Gerhard Richter

Marian Goodman Gallery | Paris

Gerhard Richter’s indebtedness to a range of photographic practices has been the taproot of his intensely admired achievements. The incipient force of this approach first emerged in the painter’s adaptations of Andy Warhol in the early 1960s (modifications he worked out concurrently with Sigmar Polke). As Richter’s work developed, its representational and abstract polarities became ever more marked—distinctly separate but equal options. After all, the aesthetic equivalence between abstraction and representation is hardly an abstruse notion; postmodern sensibility cherishes stylistic discontinuity and incongruity rather than pictorial consistency.

This recent exhibition featured forty-seven works, most resembling Richter’s familiar multicolored abstract paintings but also including five remarkable canvases that might be called “white abstractions.” There is also a freak work, a huge square mirror that seemingly argues for the putative parity of perceived reality and the reflected world, “art as a mirror of nature,” here literalized as a cunning conceit—or did Michelangelo Pistoletto just streak by? Fence, 2008, the “other” representational work in this show—that is, if the mirror was intended to remind us of Richter’s exquisite representational gifts—is slim pickings indeed when one thinks of the painter’s canonical candles, landscapes, portraits, and adaptations of domestic Hitlerzeit snapshots.

Sinbad, 2008, is a suite of paintings in lacquer behind glass. These patchy diptychs rather seminarishly conjure Wassily Kandinsky and Gabriele Münter’s Hinterglasmalerei, Blue Rider works painted behind glass in the manner of Bavarian peasant ex-votos, folkloric saints enlivened by the double refraction of the paint itself when seen through a glass surface.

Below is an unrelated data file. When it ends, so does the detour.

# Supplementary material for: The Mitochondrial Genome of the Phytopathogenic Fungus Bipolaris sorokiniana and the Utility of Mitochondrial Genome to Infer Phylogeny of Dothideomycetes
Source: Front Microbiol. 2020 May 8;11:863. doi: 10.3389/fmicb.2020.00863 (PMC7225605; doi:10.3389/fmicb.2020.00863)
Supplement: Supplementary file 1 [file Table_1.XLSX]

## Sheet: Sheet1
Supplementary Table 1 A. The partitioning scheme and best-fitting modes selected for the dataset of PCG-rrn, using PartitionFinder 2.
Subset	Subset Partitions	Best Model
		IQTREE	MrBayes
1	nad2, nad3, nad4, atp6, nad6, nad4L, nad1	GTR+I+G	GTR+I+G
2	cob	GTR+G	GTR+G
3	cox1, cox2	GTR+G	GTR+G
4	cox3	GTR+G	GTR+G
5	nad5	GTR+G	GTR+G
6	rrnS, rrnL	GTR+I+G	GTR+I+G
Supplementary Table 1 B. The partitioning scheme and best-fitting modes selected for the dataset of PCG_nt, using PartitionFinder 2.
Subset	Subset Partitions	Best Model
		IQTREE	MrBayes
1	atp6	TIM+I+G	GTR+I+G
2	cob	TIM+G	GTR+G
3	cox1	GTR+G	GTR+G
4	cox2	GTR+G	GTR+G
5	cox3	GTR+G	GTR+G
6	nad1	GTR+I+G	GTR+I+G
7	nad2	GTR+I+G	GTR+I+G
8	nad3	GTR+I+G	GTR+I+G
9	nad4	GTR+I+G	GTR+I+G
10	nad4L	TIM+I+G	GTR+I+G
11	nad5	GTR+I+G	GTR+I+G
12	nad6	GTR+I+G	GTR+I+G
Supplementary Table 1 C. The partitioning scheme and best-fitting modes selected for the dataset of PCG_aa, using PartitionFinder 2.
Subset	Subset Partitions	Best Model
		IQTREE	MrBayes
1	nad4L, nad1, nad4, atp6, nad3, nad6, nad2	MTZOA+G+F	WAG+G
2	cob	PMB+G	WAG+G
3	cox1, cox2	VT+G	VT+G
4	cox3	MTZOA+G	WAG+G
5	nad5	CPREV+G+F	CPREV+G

But the white abstractions are the heart of the show; anything but white, they flirt with lavender casts and green tints. By instants these works are somewhat blurred—the photographic blur generative of whole ranges of Richter’s painting—their surfaces squeegeed and, at times, impacted with captured and dragged air bubbles. These small surface ruptures are akin to the occasional lines that appear to be scratched into the surface with the pointed end of a brush (or any styluslike implement that may come to hand); or the lines caused by a grain of congealed paint dragged, as it were, through the ointment; or the lines that result from the shifts in pressure when the painter, using a spatula-like instrument, trowels the pigment about during the ferule’s swipe. At times, powdery trails of color read like lesions, or the marks one might find on a soiled bandage. Still another source of these variegated surfaces may result from the lifting away of slick counterproofed laminates from one another with a resultant orange-peel-like skin.

But striving for verbal equivalents to the subtle variations available even to Richter’s rather Calvinist taste is not the point. Rather, it is that the abstractions, when met in so large a group, tend to discourage faith in them, quite as one has little faith in the myriad studies by Polke. As with the latter works, Richter’s abstractions are best encountered individually: When seen independent of one another, they possess an authority that is vitiated en masse. As a group they strike me as too easy, too formulaic, too churned-out—a reservation, in an art world whose seisms are registered on the Richter scale, that admittedly runs against the consensus that everywhere surrounds this monstre sacré.

This is related to but not the reason for my core doubt regarding Richter’s abstractions, which lies in the sense that somehow he cannot make a mistake—or, rather, that we cannot judge of that mistake. And where no mistakes are possible, the credibility of the “on purpose” work is jeopardized. Although chance certainly plays a role in his abstractions, Richter seeks to obviate the possibility of ever making a mistake by seeming to stop work at the very instant when the mistake appears to be not “in error” but “on purpose.” And yet, in time, this effect becomes normative, sits comfortably in the eye, a new paradigm. This, after all, has been the overriding argument underlying a century of abstract painting. In Richter’s case, that piece of swank jesuitry (in which, by the way, we all believe) carries the day, when perhaps a dash of doubt would not have been out of order.

Robert Pincus-Witten